- Locate the devices on the hospital premises to optimize and increase their use
- Optimize treatment set-up and patient preparation
- Validate consumables (e.g. medication against prescription) and track their usage across therapies
- Understand clinicians’ performance and create new, informed, optimized training based on real-world insights
However, hospitals may still come across as change averse. After all, they are operating within the confines of established therapy protocols, strict IT requirements, and overloaded clinical staff who don’t have the time to use new connected devices and services.
To succeed and demonstrate the real value of connectivity, you must empathize with clinical users, show how their real unmet needs can be addressed with the help of device data, and strive to deliver these upgrades into the clinical environment as seamlessly as possible.
Meaningful engagement with clinical staff like this results in the creation of impactful solutions; they often become champions of the connectivity project after this.
Practical considerations when adding connectivity to an existing medical device
Once support for the connectivity case is gained internally and in-hospital, the final hurdle is introducing connectivity and data collection technology into the device as seamlessly as possible. This means the least possible impact on the equipment design and associated processes (e.g. manufacturing) as well as with minimum regulatory burden resulting from the change. When doing this, the following aspects must be considered:
- Impact on the equipment design: The connectivity component (whether internal or external) will need to meet a number of diverse requirements related to aesthetics, mechanical, EMC, power consumption, heat dissipation, HW Integration/separation, SW integration/separation, Bill-of-Materials cost, etc. It requires excellent engineering skills and innovative thinking, as there is much less design freedom than in new designs.
- Impact on manufacturing and operations: Adding connectivity will mean adding to an established component supply chain, manufacturing line, or operations processes; you have to make sure the impact of this is minimized. Re-using existing components and suppliers, complying with their DFM and other DFX, and, most of all, containing the design change within particular subsystems helps to reduce the impact.
- Selecting the right communication method: There is a wide selection of standards from Zigbee, Bluetooth, and BLE, through WiFi, LoRaWAN, NB-IoT, and LTE-M, to WPANs and 5G. However, options will be reduced by the product constraints mentioned above and limited by the environment in which the device will reside.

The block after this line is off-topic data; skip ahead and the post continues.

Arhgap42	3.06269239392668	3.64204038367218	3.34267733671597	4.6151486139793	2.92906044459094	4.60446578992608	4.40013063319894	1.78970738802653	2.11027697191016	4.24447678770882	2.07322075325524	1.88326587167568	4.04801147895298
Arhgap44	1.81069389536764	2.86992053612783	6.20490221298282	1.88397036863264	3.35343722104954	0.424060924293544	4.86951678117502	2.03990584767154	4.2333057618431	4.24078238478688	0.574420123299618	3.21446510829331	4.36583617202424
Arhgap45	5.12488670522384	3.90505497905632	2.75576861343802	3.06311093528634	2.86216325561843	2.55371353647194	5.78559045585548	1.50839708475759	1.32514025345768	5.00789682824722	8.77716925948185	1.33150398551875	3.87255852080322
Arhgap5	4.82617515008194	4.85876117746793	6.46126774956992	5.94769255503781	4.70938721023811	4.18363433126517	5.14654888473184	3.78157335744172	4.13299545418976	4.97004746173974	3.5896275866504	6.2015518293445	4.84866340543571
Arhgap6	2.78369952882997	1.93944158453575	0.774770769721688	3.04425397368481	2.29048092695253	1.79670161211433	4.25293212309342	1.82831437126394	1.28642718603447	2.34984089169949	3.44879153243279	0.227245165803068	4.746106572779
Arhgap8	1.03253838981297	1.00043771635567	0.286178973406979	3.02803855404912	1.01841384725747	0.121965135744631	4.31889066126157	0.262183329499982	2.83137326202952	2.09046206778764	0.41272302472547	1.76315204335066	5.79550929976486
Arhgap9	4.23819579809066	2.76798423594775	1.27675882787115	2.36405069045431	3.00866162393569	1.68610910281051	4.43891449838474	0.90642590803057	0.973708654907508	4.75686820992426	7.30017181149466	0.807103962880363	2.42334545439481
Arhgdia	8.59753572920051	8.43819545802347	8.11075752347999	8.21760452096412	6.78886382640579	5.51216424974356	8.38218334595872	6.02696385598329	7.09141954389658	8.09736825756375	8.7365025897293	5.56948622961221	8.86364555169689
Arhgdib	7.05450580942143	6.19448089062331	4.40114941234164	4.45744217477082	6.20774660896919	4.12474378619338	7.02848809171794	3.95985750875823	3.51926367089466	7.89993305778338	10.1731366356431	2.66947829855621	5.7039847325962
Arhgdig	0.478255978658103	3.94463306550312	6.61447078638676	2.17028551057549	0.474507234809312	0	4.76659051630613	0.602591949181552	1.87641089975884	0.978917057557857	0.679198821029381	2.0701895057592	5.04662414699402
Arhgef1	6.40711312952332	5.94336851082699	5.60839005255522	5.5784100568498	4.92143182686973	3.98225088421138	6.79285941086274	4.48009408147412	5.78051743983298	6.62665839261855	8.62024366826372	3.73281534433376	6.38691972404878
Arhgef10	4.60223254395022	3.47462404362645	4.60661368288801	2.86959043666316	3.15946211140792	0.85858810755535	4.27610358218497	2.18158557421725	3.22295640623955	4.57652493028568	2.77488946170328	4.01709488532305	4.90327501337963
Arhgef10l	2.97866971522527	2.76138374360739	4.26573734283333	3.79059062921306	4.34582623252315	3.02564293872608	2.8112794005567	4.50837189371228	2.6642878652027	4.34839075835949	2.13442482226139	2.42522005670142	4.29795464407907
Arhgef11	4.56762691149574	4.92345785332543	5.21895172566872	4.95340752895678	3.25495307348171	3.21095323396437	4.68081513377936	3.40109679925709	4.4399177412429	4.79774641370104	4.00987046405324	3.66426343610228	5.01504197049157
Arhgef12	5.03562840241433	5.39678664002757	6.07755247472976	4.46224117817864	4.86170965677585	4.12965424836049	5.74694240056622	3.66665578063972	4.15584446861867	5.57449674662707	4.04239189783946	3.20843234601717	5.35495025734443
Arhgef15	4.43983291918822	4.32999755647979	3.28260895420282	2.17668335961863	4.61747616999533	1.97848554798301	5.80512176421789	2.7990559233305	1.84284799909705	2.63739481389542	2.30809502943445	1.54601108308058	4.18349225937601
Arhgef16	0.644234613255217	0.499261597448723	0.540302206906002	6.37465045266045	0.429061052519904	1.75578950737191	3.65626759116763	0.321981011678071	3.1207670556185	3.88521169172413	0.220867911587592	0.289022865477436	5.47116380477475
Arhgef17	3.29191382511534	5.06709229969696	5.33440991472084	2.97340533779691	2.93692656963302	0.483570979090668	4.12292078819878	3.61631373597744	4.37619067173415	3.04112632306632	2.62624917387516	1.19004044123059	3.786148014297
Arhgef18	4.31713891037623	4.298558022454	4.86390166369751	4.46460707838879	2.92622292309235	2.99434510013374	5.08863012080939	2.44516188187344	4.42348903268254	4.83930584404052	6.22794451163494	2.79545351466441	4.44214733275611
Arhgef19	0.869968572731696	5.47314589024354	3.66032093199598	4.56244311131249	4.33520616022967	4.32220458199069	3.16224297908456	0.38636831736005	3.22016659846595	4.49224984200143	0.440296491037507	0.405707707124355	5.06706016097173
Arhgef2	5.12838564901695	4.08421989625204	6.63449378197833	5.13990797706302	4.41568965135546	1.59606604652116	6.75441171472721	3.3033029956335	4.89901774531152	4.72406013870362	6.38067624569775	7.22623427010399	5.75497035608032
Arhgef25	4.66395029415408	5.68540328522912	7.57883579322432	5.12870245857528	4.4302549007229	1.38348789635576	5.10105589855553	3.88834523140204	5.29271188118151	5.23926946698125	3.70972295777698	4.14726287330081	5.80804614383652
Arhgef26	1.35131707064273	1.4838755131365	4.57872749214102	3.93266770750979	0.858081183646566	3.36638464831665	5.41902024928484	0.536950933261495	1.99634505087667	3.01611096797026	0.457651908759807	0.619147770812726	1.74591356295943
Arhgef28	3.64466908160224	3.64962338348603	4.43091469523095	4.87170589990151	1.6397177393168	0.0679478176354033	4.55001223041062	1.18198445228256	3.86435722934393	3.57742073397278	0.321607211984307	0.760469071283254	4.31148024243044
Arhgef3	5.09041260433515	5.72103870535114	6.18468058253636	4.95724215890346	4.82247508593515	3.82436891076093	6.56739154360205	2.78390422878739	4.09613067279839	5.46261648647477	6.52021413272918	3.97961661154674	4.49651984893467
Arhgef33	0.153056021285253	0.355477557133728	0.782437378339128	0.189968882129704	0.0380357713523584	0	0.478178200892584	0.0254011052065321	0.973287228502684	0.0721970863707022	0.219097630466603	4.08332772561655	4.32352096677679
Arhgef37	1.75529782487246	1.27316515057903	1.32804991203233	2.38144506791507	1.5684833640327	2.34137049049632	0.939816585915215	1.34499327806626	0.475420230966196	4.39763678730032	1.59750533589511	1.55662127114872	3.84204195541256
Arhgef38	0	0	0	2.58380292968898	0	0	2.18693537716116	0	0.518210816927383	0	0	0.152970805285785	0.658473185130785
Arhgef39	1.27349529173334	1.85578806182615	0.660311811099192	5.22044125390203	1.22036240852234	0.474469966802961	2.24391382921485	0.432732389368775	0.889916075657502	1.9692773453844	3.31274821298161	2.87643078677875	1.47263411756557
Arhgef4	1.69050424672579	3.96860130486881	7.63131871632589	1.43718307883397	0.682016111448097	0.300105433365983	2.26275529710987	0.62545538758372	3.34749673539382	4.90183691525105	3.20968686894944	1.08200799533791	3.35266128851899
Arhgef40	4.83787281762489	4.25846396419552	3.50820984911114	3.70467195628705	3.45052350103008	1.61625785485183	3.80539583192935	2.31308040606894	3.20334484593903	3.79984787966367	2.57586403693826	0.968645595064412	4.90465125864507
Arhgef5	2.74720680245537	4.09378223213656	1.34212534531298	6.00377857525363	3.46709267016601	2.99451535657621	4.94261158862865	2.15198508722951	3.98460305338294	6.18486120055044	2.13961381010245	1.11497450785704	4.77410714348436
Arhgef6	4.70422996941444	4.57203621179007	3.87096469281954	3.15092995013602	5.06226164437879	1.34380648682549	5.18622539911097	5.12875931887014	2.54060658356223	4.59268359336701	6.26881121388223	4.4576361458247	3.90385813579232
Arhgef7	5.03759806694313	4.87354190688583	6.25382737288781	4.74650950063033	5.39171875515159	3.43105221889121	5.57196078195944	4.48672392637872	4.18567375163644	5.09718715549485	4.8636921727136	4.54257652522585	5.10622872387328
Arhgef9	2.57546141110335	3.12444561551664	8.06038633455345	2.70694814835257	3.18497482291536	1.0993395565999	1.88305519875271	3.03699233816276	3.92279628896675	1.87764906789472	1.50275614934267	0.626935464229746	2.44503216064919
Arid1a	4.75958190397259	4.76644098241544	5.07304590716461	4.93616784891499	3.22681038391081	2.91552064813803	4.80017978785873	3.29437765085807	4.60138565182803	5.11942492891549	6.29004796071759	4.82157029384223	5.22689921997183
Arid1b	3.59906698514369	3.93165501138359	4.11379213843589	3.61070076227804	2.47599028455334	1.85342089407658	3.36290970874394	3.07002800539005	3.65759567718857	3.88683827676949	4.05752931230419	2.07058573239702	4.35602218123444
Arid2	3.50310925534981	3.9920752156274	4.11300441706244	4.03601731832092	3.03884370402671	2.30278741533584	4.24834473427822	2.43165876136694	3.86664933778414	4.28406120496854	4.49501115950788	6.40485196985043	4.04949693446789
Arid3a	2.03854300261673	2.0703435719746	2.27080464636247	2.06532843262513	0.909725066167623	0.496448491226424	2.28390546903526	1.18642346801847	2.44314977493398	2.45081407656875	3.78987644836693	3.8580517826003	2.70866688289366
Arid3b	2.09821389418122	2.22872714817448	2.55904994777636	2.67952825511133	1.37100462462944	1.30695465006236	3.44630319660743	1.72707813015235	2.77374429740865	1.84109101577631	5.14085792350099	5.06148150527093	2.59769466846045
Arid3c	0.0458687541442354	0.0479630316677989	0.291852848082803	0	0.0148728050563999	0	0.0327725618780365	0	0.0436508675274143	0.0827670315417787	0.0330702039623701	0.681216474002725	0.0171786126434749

Aspects that are not commonly considered include: signal propagation through complex building structures; interoperability with existing protocols, esp. WiFi; electromagnetic compatibility with existing medical devices; cellular network coverage or the need to install additional gateway devices; and the total running costs of connectivity, e.g. cellular IoT data plans.
- Cyber-security framework: The connectivity function must meet requirements in three key domains: Technical, e.g. with end-to-end data encryption and other security controls; Regulatory, e.g. following cyber-security guidelines and patient data privacy standards, and executing independent tests and certifications; and Environment, i.e. fitting into customers’ cyber-security frameworks to support on-going security analysis, FW/SW updates, and vulnerability management.
- Integration with internal and external systems: Consider how connected equipment will be integrated with functions like identity management, secure operations, inventory management, customer care, and others; without which the device data cannot be fully utilized.
Partnering for success with connected medical devices
To improve your chances of success when adding connectivity to existing devices, consider partnering with a specialist firm who can assist with the above.
Head of Services Strategy, Connected Health Solutions
S3 Connected Health
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Unlocking Medtech’s Future Potential with Connected Devices and Services